I was having lunch with several friends a few weeks ago when the topic came to having children. Most of the people at the table were either umarried or childless, so the conversation was quite entertaining. One friend surmised that the reason people had kids was because “married couples get bored and need something to do”. Another friend claimed that “the need to have children is seeded with little girls at a young age with all the dolls and playing house and that builds a subconscious desire that they need to fulfill”. Finally, I had to step up. “Isn’t it possible that the reason to have a kid could come from the fact that I had a tremendous relationship with my parents, especially my father, and I want to have children to do for them what he did for me? Can’t it be the noble gesture of wanting to be an important part of someone’s life and helping shape the world’s future? Isn’t it possible that there is only one thing in the world [waving my iPhone’s screen, which features Iris and Robyn] that makes me smile, no matter what mood I’m in?” One of the people chimed in: “well, then that’s a selfish reason, too.” Hmm. Interesting, I thought. I suppose he is right. As I pointed out to him, isn’t everything selfish? What you do for a living? Where you eat? Where you live? But still, he’s right. This is different than adopting a child or even volunteering at a soup kitchen. But as I told Cherise when I recounted this story to her, from the moment the mother’s pee turns the stick blue, the opportunity to be selfish is over. From there, it’s all about giving and your wishes become secondary. But this story isn’t about the constant selflessness of parenting. It’s about those other times. Sometimes, you need to be true to yourself. In those cases, I’ve got a very curious kindred spirit.
I just finished reading George W. Bush’s memoir, “Decision Points”. Now, anyone who knows me also knows that I wouldn’t describe myself as politically aligned to the former President. My decision to read the book was born out of the respect of the office (I’ve also read Reagan and Clinton’s memoirs) as well as to try to understand some of the choices he made that I didn’t necessarily agree with. While I’ll refrain from either commenting on his policies or the motivations of the policies according to the book, there is one thing that we share despite our differences: the love of our daughters.
President Bush and I were both lucky enough to have two daughters and, say what you will about the man, he truly did and still does cherish his girls. And in this capacity, we’ve both had to face that battle of balances your need and your children’s. I’ve spent nearly six year chronicling my sacrifices in this blog. Meanwhile, President Bush quit drinking and became a more responsible person because of his daughters. But there was a section of the book where he talked about his decision to run for President and sharing the news with his daughters. The girls were 17 and did not welcome the decision at all. They begged him not to run and insisted that he was trying to ruin their lives. Obviously, he didn’t want to upset his daughters, but this was a tremendous opportunity in front of him and it required sacrifice from everyone–including his daughters.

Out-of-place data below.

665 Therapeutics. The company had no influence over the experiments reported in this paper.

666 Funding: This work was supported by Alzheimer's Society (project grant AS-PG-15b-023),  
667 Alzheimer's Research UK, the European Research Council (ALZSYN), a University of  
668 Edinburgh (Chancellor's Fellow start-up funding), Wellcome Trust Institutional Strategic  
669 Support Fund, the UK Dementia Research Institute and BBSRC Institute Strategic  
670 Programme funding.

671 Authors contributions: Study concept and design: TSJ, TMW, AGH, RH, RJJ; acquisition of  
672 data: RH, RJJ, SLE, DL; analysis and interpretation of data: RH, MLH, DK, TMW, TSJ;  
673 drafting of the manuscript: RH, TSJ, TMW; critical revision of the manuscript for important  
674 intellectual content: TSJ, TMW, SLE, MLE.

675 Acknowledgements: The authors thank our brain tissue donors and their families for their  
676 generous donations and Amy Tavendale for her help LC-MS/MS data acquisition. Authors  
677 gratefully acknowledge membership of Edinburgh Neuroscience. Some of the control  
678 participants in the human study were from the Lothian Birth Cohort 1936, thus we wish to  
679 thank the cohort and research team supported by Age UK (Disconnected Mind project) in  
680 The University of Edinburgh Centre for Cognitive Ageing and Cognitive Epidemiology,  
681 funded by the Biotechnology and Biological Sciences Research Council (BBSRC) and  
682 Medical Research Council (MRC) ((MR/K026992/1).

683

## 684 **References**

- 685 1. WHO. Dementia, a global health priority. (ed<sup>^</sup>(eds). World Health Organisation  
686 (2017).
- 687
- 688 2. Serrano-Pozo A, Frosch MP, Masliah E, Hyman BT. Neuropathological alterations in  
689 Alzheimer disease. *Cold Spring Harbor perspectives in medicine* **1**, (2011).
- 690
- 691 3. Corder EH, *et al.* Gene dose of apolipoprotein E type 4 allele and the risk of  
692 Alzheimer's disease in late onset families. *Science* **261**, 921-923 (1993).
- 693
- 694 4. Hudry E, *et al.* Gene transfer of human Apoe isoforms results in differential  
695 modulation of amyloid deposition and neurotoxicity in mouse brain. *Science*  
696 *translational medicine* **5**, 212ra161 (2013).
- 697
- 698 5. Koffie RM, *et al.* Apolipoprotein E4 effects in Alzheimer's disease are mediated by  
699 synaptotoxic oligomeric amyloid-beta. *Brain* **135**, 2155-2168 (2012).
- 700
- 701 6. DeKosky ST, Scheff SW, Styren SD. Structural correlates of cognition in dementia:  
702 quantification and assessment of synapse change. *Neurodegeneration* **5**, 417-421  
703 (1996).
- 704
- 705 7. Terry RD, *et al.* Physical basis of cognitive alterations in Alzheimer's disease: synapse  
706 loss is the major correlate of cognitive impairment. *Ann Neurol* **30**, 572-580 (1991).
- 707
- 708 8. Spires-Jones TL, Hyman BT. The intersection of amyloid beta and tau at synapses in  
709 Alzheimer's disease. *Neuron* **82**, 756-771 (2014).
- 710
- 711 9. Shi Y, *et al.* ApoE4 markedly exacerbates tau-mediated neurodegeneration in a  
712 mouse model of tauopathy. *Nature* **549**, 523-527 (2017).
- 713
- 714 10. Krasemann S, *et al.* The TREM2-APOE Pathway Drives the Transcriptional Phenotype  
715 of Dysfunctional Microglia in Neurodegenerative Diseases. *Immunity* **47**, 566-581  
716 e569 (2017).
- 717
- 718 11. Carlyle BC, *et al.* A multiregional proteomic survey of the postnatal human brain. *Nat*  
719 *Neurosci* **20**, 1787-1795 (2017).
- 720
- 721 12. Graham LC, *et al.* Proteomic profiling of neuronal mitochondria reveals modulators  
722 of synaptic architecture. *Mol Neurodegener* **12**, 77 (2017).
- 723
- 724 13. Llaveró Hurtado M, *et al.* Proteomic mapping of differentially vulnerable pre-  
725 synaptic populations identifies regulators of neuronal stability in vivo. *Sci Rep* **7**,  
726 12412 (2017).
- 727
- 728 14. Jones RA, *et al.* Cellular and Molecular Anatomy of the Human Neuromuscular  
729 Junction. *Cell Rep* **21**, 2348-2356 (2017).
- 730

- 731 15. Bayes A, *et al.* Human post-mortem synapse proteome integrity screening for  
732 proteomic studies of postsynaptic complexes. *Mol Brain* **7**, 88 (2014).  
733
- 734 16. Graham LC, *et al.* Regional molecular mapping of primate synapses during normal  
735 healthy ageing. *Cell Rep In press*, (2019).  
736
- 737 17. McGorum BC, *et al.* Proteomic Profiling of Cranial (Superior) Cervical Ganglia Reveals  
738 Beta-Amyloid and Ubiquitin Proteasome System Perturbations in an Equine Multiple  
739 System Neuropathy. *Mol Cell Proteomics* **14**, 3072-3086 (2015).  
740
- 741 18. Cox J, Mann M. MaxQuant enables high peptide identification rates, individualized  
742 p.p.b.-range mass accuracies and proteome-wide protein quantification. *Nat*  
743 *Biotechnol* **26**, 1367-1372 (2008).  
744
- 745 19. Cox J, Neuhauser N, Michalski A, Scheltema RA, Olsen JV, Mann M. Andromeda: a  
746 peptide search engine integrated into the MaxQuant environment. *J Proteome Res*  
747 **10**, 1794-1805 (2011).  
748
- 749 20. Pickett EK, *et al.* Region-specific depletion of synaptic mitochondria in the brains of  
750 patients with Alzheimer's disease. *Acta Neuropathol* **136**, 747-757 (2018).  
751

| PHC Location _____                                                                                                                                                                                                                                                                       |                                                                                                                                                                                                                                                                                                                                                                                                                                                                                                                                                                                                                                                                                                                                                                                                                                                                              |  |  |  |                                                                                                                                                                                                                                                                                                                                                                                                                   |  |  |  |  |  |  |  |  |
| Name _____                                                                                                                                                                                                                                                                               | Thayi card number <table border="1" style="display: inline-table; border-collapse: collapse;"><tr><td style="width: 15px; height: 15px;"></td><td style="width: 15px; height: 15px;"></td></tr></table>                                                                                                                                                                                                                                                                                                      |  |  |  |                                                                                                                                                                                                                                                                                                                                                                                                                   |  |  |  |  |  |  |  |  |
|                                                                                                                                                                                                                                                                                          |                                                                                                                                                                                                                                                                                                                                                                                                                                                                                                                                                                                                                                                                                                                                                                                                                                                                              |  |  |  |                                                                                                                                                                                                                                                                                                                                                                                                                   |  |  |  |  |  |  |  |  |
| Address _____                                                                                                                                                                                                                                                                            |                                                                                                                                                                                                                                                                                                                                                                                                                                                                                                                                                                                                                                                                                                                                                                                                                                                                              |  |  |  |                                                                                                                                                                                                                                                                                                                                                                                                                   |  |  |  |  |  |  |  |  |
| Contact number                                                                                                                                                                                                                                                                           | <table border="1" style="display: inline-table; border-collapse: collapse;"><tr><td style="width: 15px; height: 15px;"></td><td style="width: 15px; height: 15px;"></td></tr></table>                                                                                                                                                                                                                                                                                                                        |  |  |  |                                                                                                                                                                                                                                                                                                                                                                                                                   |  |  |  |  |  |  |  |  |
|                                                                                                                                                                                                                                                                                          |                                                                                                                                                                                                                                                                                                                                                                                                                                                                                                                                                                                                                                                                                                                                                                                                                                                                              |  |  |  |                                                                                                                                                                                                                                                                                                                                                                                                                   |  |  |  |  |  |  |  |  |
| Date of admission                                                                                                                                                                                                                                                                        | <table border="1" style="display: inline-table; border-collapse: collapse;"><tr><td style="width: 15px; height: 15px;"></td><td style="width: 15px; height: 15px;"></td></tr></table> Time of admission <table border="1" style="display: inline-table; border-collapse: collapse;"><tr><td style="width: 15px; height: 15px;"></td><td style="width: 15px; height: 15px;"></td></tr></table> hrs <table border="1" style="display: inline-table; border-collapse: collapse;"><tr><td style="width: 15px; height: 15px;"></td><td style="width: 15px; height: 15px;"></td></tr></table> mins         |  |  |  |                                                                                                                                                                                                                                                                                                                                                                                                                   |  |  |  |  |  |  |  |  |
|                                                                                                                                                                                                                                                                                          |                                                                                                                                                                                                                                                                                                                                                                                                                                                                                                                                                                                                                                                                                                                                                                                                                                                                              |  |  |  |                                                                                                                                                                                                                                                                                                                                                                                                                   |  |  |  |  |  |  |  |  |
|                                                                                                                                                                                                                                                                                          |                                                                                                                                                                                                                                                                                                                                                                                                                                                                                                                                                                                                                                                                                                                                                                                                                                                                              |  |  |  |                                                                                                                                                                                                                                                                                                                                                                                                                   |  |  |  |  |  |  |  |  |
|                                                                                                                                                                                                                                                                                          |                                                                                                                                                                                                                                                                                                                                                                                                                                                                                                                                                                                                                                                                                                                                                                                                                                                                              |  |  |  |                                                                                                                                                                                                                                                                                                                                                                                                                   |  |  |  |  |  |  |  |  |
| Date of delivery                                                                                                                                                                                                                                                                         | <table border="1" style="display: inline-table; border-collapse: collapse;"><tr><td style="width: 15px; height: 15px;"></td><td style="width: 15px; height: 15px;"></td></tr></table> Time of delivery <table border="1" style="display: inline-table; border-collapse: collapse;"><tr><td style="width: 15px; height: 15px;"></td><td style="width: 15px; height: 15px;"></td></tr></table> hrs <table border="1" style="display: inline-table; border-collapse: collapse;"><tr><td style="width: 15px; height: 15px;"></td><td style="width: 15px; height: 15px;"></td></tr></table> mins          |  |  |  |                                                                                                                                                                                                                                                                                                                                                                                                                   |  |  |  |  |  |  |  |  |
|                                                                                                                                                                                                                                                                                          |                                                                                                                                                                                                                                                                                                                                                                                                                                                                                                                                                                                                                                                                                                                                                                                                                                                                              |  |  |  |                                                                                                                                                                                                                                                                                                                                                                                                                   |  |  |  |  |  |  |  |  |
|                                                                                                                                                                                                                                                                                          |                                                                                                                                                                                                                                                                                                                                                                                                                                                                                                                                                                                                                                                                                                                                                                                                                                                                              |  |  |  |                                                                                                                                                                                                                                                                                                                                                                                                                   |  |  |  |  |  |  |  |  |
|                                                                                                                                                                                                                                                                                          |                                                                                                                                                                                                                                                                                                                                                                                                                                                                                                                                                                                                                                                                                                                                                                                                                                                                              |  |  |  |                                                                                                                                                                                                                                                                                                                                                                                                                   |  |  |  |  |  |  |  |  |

I can’t get behind a lot of the decisions that Mr. Bush made over the course of his eight years in office, but the mere decision to run and the sacrafices they needed to make as a family so that he could pursue a dream is something with which I can completely empathize. Starting a business was a selfish decision (although it does have its selfless aspect as the schedule flexibility helps me see the girls a lot more than when I was working a traditional job). But as I sit on an airplane headed to Kansas City, where I plan to stay for the next four weeks, I am taking advantage of an opportunity that puts even more strain on the family. I think parenting can and should be the most selfless thing you’ll ever do, but I’ve come to learn that in some situations, there is a dangerous dogma in that selflessness. My parents made tremendous sacrifices so that I could make my mark in the world. To forego any of those opportunities would be a slap in the face of everything they wanted and did for me. That doesn’t mean the selflessness stops with me–I still need to do everything within my power to open the doors of the world to Iris and Robyn. But sometimes, the greatest gift I can give to them is serve as an inspiration for what I want them to do. I have still have to reward the faith my parents put in me by making their sacrifices.
Perhaps someday, I’ll read President Obama’s memoir and he’ll share his stories of how the decision affected his family. In fact, we’re taking a page from his book where Grandma stepped up to help out. I can’t say this opportunity is going to be as significant as leading the free world, but it is how I hope to make my mark in the world and how I hope to inspire my girls. And I’ve gotta believe that’s the best parental contribution I can make, even if I’m away from the girls for an extended time. As for my childless lunch friends, I’m sure they won’t understand why this was a difficult decision. And therein lies the core of how they could associate parenting with selfishness. You just never understand it until you actually do it…